What Is the Premium on an Amortizable Bond?
The amount paid for an over and above its face value is the amortizable bond premium in tax terminology. Depending on the bond’s kind, the premium may be deducted from income and prorated throughout the bond’s lifetime.
A Guide to Amortizable Bond Premiums
A bond premium happens when the bond’s secondary market price rises due to a decline in interest rates. A bond with a market price over its face value was sold at a premium to par.
The bond premium is determined by dividing its face value by its current price (carrying value). For instance, a bond with a $1,000 face value that sells for $1,050 has a $50 premium. As the bond’s maturity date draws nearer, its value gradually decreases until it equals its par value. Amortization describes the steady decline of the bond’s value.
For a bond investor, a portion of the bond’s cost basis, which is significant for tax purposes, is represented by the premium paid for the bond. The bondholder may decide to amortize the premium if the bond pays taxable interest, which entails using a portion of the premium to lower the interest income that must be included in taxes.
Generally, amortizing the premium is advantageous for investors in taxable premium bonds since the proceeds can be used to reduce interest payments. As a result, the bond will earn less taxable income, which will lower the amount of income tax owed on it as well. The amount of premium amortized each year is deducted from the cost basis of the taxable bond. The bond investor must amortize the bond premium if the bond pays tax-exempt interest. The taxpayer must subtract the annual amortization from their basis in the bond even if this amortized amount is not deductible for calculating taxable income. According to the IRS, the constant yield approach must be applied annually to amortize bond premiums.
Paying Off Bond Premium: The Constant Yield Approach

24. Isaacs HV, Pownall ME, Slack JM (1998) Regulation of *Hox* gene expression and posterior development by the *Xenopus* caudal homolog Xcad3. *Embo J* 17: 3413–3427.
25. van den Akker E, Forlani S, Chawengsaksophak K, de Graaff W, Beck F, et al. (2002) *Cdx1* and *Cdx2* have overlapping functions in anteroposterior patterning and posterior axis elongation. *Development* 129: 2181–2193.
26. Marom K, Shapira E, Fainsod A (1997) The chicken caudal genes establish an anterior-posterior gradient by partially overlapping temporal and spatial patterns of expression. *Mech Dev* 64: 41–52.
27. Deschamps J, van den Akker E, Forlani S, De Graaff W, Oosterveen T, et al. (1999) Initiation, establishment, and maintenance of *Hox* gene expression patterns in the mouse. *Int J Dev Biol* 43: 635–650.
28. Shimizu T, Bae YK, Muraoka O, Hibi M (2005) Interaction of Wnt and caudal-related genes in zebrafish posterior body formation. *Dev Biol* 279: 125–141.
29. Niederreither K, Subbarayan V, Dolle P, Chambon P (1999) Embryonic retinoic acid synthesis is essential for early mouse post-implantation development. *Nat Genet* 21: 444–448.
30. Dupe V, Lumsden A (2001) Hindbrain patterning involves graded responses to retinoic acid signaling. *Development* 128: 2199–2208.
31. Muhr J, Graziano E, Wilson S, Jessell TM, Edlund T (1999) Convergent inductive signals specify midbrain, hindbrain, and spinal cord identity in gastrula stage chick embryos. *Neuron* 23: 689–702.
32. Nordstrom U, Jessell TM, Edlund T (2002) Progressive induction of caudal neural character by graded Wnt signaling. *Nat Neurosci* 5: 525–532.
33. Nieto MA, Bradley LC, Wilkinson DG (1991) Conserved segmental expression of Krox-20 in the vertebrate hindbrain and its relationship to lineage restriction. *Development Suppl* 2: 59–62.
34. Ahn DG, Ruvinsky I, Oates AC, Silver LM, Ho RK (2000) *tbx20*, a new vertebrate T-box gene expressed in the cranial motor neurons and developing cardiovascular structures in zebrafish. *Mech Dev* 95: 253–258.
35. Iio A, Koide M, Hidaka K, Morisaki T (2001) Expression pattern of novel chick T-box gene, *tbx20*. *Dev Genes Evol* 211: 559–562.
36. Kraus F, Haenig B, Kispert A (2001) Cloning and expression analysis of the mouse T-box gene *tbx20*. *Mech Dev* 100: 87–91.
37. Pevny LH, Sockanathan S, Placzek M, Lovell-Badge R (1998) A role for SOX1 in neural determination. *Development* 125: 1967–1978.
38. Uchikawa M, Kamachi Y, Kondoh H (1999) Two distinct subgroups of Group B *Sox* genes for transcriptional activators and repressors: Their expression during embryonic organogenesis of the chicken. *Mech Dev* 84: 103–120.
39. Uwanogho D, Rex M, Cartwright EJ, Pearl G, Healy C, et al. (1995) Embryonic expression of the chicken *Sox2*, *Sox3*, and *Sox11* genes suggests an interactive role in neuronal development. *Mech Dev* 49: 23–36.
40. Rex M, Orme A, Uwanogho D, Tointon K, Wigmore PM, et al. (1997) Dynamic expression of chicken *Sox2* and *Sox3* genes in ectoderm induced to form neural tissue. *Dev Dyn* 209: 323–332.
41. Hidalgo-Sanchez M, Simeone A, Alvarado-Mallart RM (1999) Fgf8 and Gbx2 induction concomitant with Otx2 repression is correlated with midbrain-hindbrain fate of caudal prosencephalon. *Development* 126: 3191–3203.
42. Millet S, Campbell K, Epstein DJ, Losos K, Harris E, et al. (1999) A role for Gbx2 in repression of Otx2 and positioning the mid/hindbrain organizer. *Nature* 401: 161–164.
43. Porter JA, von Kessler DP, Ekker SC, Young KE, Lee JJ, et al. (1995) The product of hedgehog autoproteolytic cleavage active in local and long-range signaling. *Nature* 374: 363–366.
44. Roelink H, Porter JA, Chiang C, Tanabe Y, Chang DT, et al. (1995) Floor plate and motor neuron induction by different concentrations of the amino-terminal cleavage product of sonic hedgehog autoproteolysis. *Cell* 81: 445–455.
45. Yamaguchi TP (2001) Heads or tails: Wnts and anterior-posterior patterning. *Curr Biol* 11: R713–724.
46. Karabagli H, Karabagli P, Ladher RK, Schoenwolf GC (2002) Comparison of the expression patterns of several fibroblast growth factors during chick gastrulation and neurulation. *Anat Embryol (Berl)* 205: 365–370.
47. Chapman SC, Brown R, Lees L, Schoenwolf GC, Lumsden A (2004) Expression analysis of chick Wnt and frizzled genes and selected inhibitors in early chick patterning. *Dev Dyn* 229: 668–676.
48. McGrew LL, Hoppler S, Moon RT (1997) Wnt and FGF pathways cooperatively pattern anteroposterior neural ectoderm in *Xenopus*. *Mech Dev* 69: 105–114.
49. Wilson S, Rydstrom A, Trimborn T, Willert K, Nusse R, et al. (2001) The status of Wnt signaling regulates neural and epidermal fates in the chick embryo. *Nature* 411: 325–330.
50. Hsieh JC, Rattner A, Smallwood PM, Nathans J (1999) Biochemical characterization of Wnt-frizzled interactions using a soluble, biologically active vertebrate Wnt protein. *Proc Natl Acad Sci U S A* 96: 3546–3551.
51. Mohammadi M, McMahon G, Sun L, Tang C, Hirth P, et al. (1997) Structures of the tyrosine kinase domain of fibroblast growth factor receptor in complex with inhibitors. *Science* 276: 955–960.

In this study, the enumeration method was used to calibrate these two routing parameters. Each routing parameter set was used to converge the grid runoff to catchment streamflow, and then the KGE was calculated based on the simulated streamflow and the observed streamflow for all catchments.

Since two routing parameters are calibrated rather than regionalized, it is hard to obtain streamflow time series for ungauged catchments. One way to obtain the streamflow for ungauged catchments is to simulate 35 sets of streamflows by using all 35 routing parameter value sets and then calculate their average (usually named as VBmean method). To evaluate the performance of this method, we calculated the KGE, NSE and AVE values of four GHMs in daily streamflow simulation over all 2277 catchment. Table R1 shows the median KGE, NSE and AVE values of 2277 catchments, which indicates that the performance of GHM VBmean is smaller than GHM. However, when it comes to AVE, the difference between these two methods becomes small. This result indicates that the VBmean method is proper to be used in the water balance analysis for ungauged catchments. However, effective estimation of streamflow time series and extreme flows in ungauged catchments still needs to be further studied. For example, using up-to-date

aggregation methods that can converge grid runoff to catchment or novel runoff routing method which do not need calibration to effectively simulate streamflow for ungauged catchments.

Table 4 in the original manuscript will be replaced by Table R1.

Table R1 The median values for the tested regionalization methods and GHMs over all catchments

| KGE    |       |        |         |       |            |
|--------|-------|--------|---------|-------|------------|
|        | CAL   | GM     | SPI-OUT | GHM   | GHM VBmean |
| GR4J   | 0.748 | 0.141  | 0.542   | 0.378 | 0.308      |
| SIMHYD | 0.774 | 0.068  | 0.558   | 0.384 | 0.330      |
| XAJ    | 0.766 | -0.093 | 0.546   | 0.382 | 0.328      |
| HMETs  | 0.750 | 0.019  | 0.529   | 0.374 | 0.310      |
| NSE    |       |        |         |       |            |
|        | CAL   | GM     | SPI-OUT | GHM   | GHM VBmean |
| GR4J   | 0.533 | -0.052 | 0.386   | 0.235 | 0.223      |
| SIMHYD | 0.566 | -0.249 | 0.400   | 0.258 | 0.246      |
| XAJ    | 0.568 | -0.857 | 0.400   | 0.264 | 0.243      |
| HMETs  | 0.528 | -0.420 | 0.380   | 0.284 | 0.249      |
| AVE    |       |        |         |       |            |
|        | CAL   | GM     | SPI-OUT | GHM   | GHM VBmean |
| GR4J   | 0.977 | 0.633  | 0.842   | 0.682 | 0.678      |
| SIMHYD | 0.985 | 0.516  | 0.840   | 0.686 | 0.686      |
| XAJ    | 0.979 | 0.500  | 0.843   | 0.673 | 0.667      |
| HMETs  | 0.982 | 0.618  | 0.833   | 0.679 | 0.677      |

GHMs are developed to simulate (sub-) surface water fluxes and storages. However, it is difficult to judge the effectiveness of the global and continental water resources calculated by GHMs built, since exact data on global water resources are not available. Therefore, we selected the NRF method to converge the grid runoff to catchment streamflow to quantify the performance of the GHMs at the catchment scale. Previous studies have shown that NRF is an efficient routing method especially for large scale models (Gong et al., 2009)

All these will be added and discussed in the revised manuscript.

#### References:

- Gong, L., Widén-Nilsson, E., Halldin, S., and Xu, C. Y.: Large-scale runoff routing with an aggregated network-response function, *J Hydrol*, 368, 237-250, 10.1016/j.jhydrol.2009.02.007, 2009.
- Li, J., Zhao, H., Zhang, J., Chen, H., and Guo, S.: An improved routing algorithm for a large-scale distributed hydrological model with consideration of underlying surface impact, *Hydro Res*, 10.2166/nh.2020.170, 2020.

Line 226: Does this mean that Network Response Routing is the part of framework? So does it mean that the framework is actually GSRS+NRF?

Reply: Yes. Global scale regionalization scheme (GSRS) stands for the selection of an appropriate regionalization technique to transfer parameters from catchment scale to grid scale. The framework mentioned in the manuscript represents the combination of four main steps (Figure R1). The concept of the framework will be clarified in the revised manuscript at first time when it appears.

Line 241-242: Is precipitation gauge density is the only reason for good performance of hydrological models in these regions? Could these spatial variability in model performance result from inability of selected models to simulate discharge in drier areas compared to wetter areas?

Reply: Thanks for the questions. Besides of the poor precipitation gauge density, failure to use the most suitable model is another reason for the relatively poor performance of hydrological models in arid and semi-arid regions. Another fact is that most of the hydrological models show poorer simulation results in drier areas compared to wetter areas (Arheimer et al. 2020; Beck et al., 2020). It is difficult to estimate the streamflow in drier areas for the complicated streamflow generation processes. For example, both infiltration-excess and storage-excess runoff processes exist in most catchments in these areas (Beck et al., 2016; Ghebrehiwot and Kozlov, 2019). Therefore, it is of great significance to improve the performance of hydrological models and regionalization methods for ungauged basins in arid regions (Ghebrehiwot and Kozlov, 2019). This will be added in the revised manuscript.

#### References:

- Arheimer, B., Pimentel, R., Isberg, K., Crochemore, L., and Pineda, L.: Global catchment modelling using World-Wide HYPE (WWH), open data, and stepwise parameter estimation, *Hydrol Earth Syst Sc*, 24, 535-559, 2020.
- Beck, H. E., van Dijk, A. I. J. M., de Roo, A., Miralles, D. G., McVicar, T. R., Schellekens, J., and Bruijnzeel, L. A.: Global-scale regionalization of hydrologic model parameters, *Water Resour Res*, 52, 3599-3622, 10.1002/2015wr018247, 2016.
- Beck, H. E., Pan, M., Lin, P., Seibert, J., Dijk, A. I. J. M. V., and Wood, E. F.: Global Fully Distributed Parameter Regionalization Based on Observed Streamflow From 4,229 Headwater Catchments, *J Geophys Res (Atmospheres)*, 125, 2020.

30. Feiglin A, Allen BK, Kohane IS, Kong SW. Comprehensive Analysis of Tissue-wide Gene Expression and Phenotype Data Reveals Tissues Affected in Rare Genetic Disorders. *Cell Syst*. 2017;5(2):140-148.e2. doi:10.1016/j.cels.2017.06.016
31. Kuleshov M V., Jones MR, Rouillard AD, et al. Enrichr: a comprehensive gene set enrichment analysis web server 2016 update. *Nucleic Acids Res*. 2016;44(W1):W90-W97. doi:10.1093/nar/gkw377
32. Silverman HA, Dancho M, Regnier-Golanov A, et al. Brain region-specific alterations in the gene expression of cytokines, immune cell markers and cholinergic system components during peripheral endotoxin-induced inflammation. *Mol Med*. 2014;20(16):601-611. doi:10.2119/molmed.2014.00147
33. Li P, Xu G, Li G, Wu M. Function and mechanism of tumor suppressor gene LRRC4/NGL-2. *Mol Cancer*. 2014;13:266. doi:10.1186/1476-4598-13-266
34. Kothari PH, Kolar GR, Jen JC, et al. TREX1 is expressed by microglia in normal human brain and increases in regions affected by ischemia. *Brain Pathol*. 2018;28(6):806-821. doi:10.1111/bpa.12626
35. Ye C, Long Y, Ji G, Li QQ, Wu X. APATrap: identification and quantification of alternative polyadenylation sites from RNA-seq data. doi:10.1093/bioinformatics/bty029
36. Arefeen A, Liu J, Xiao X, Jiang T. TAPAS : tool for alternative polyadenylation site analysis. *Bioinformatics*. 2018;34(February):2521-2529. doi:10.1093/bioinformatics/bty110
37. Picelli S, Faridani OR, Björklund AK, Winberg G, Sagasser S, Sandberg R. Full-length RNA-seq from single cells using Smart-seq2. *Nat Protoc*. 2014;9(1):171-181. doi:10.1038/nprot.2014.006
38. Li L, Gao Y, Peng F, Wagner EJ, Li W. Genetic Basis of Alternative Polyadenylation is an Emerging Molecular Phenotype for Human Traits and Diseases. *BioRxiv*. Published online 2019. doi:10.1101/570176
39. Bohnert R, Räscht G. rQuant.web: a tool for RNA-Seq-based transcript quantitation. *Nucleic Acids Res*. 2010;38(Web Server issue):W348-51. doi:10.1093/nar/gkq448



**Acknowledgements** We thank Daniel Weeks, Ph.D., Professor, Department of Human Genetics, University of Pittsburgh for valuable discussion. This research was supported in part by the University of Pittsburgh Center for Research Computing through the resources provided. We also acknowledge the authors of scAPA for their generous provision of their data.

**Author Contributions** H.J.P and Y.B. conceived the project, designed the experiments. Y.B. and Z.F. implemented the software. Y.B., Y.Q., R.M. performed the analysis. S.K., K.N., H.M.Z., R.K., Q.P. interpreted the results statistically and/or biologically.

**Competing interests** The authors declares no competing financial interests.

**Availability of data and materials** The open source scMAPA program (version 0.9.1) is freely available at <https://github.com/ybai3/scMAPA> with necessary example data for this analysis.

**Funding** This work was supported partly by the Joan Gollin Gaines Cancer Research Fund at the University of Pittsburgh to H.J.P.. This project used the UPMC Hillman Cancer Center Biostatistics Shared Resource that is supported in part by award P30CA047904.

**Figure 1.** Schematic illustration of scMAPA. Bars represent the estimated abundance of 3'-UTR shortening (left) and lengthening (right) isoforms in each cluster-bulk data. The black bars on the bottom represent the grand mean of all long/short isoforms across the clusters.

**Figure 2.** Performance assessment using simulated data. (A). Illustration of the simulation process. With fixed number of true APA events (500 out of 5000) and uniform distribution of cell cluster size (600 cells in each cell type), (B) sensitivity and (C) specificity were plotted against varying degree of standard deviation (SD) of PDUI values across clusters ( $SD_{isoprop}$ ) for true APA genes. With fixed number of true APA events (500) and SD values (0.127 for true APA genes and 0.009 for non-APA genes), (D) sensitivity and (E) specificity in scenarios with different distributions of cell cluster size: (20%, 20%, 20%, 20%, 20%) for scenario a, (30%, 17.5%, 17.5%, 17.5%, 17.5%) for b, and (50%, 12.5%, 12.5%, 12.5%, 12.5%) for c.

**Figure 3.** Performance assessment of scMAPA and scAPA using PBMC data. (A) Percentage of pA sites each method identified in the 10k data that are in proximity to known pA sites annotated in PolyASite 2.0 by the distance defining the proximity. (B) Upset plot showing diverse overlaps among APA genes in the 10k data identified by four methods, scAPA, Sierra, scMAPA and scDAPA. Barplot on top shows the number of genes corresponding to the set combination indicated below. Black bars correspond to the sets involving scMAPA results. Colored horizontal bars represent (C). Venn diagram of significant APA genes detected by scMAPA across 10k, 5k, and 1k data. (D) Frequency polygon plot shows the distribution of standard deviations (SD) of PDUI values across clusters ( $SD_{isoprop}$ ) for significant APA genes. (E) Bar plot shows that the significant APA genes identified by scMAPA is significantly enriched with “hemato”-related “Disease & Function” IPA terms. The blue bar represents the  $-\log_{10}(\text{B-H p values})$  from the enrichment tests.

The amortization of the bond premium is calculated for each accrual period using the constant yield approach. A bond premium is amortized by dividing the adjusted basis by the yield at issue and then taking away the coupon interest. Alternatively, use the formula:
Accrual is Purchase Basis times the number of annual accrual periods minus the coupon interest.
Finding the yield to maturity (YTM), the discount rate that converts the present value of all future bond payments to the bond’s base is the first step in computing the premium amortization.
Consider an investor who paid $10,150 for a bond as an illustration. The bond has a par value of $10,000 and a five-year maturity date. It has a yield to maturity of 3.5% and pays a 5% coupon rate semi-annually. The amortization for the first and second periods should be calculated.
The Initial Phase
Due to the semi-annual nature of this bond’s payments, the first period corresponds to the first six months, after which the investor receives the first coupon payment; the second period is the next six months, and so on. The yield and coupon rate will be split by two because we’re considering a six-month accrual period.
Using our example as a guide, the yield applied to the bond premium amortization is 3.5%/2 = 1.75%, and the periodic coupon payment is 5% / 2 x $10,000 = $250. Following is the amortization during period 1:
Accrual period 1 = ($10,150 multiplied by 1.75%) – $250
Accrual period 1 equals $177.63 – $250
Accrual period 1 = -72.38 dollars
A second time frame
The purchase price plus the accrual from the first period, or $10,150 – $72.38 = $10,077.62, is the foundation for the bond in the second period.
Accrualperiod2 = ($10,077.62 multiplied by 1.75%) – $250
Accrualperiod2 = -$250 to $176.36
Accrualperiod2 = -73.64 dollars.
Use the formula shown above to get the amortizable bond premium for the remaining eight periods (10 accrual or payment periods for a semi-annual bond with a maturity of five years).
A bond bought at a premium has a negative accrual by nature; in other words, the basis depreciates.
- The extra price (the premium) paid for a bond over and above its face value is referred to as the amortizable bond premium, which is a tax phrase.
- Tax deductions may be available for premiums paid for bonds because they are part of the bond’s cost basis and are amortized throughout the bond’s life.
- Amortizing the premium may be beneficial since the tax deduction can offset any interest income the bond may provide, lowering the investor’s overall taxable income.
- The annual amortizable bond premium must be calculated using the constant yield technique, per the IRS.